Images in ultraviolet or infrared are throwing light on unintelligible passages from Egyptian papyruses more than 2 thousand years old and are bringing to the surface lost works by great classical authors, such as Sophocles, Euripides and Hesiod. X-rays are making it possible to get to know better the mathematical theories of Archimedes contained in murky and difficult to understand copies, made in the 10th century, from parts of the original writings. Chemical and spectrometry analyses reveal the composition of the pigments used in the 15th century by Johannes Gutenberg to illustrate the first book made with movable type, the Bible. As can be seen, the most varied technologies are today at the service of the study of ancient texts, filling in information gaps hitherto inaccessible to the most acute exegetes.
At Oxford University, British researchers are using a method created by NASA for use in its satellites in the visualization of planets and celestial objects, multispectral imaging, as an ally in the work of studying the texts of the Oxyrhynchus project. This is a collection of 400 thousand fragments of manuscripts written by classical authors from Greece and Rome found at the end of the 19th century in the remains of the ancient Egyptian city of Oxyrhynchus. The papyruses, which, according to some scholars, may expand by 20% the quantity of classical texts, remained a long time in contact with the soil, amidst all kinds of garbage, in particular glass, and became dark and illegible in some passages. The contrast was lost between the pigment used in the writing and the background of the papyruses, which had darkened too much.
Multispectral imagining consists of producing a succession of images, in different wavelengths, of the object under study. In this way, one of the images, or a juxtaposition of some of them, can make passages of the analyzed material leap into sight that until then were invisible. “In general, there isn’t a magic wavelength that makes all the ancient writings appear”, says engineer Gregory Bearman, from NASA’s Jet Propulsion Lab, who, at the beginning of the 1990’s, had the idea of employing the technique in archeological studies. “Everything depends on the state of the document and on what has happened to it in the course of time.”
Passages from the ‘Dead Sea Manuscripts’, a set of 850 texts about 2 thousand years old found in caves in Israel between 1947 and 1956, were the first ancient texts on which multispectral imaging was employed with success. Next, the method was tested on texts from Pompeii that were buried and scorched by the eruption of the volcano Vesuvius in 79 BC. Carbonized material, as from Pompeii, and non-carbonized writings, like those from the Oxyrhynchus project, usually reveal hidden details when submitted to different wavelengths. According to Dirk Obbink, a specialist in papyruses and Greek literature at Oxford, some passages of the documents rescued from the most ancient city of Egypt became legible after images were generated in ultraviolet. In others, infrared achieved better results.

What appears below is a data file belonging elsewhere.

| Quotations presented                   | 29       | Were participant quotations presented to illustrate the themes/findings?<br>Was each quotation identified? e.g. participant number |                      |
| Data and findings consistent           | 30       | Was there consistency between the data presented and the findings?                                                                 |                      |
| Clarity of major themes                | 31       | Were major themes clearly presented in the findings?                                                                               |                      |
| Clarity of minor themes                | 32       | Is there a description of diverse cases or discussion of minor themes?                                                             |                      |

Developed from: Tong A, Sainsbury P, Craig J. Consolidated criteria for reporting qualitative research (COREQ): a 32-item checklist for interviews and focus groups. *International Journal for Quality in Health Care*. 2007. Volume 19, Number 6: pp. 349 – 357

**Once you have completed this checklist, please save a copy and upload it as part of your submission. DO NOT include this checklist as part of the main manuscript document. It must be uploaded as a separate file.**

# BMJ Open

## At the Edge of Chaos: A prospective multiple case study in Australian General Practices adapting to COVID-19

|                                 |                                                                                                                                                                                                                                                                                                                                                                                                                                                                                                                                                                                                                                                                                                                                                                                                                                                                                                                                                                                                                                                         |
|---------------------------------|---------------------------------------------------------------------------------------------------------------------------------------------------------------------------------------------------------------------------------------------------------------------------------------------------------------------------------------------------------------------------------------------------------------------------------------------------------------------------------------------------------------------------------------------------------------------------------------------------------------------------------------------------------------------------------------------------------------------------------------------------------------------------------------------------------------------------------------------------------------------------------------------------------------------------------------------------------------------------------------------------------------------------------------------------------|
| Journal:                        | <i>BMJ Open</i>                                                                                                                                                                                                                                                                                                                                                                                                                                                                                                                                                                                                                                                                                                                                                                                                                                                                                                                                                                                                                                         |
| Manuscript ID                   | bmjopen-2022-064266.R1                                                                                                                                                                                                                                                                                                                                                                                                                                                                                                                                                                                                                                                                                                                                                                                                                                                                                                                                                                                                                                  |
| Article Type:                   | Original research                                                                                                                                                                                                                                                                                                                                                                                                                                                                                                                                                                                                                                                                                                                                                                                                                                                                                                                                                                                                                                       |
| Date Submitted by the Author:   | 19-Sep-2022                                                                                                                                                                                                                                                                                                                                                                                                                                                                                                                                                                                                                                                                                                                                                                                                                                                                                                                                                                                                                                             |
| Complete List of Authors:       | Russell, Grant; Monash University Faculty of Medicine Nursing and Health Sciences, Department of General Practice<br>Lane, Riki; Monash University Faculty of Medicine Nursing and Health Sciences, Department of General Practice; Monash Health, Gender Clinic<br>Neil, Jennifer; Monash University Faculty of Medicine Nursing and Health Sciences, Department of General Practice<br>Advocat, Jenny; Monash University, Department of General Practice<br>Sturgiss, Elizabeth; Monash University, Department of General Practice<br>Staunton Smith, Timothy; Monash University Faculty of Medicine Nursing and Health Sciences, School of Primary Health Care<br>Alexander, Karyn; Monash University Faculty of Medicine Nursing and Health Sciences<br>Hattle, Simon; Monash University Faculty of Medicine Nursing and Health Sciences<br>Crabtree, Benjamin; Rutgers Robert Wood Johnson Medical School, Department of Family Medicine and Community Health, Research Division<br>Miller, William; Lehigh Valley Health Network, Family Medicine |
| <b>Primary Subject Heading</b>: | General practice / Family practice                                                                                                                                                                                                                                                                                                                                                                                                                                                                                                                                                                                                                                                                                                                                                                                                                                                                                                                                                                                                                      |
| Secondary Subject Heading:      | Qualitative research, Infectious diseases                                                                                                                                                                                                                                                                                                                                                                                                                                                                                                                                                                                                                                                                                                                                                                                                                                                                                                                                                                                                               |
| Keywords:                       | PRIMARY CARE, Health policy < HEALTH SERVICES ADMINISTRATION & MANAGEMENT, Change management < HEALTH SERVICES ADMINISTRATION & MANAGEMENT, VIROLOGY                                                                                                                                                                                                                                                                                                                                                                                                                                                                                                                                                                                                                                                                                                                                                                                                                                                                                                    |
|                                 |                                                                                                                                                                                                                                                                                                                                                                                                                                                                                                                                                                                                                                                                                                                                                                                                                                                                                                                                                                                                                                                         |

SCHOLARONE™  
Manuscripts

The crux of the matter
To decipher a transcription from the Middle Ages of the original works of Archimedes (287 to – 212 BC), unpublished passages from his work Method of mechanical theorems, which fell victim to different kinds of damages and adulterations in the course of the last millennium, physicists from the American university of Stanford, in California, were afforded the assistance of images generated by X-rays. A major part of the untoward alterations suffered by the parchments, such as their scraping and reuse as a support for the text of a religious book in the 13th century, had already been overcome with the adoption of other techniques. But it remained to get round the latest aggression suffered by the documents, now in the 20thy century, when modern writing was added to the top of some pages, hiding parts of the ancient texts. Generating X-ray images overcame this hindmost obstacle. This was because the exposure to radiation highlighted the ferrous pigments of the original manuscripts, to the detriment of the modern ink used to alter the parchments, according to an article in mid April from the news service of Nature magazine.
Talking about paint, a group of European and American researchers determined, for the first time, the main types of pigment used to draw the figures that adorn seven of the so-called Gutenberg Bibles, published in the 15th century. Besides resorting to chemical analyses, they used in their detective work Raman spectroscopy, a noninvasive method in which a laser lighted up the pages and a special sensor read the pattern of light generated. The origin of seven colors was determined precisely, and of two in an approximate way.
The light red is derived from cinnabar (mercury ore). The yellow comes from compounds with lead and tin. The black originates from carbon, and the white, from calcium carbonate. The blue derives from the use of azurite, a kind of copper carbonate. The olive green, from malachite, another copper carbonate. The dark green from copper ethanoate (verdigris). Of an uncertain origin, the golden tones seem to come from gold itself, and the reds from pigments extracted from plants or insects. “The study of the paints represents a first important step of an appropriate policy for conserving and preserving old works of art”, says one of the authors of the study, Gregory D. Smith, from Buffalo State College, in the United States. Made known to the public at large in April, the complete study of the pigments of the Gutenberg Bibles will be published in the June 1 issue of the American magazine Analytical Chemistry.Republish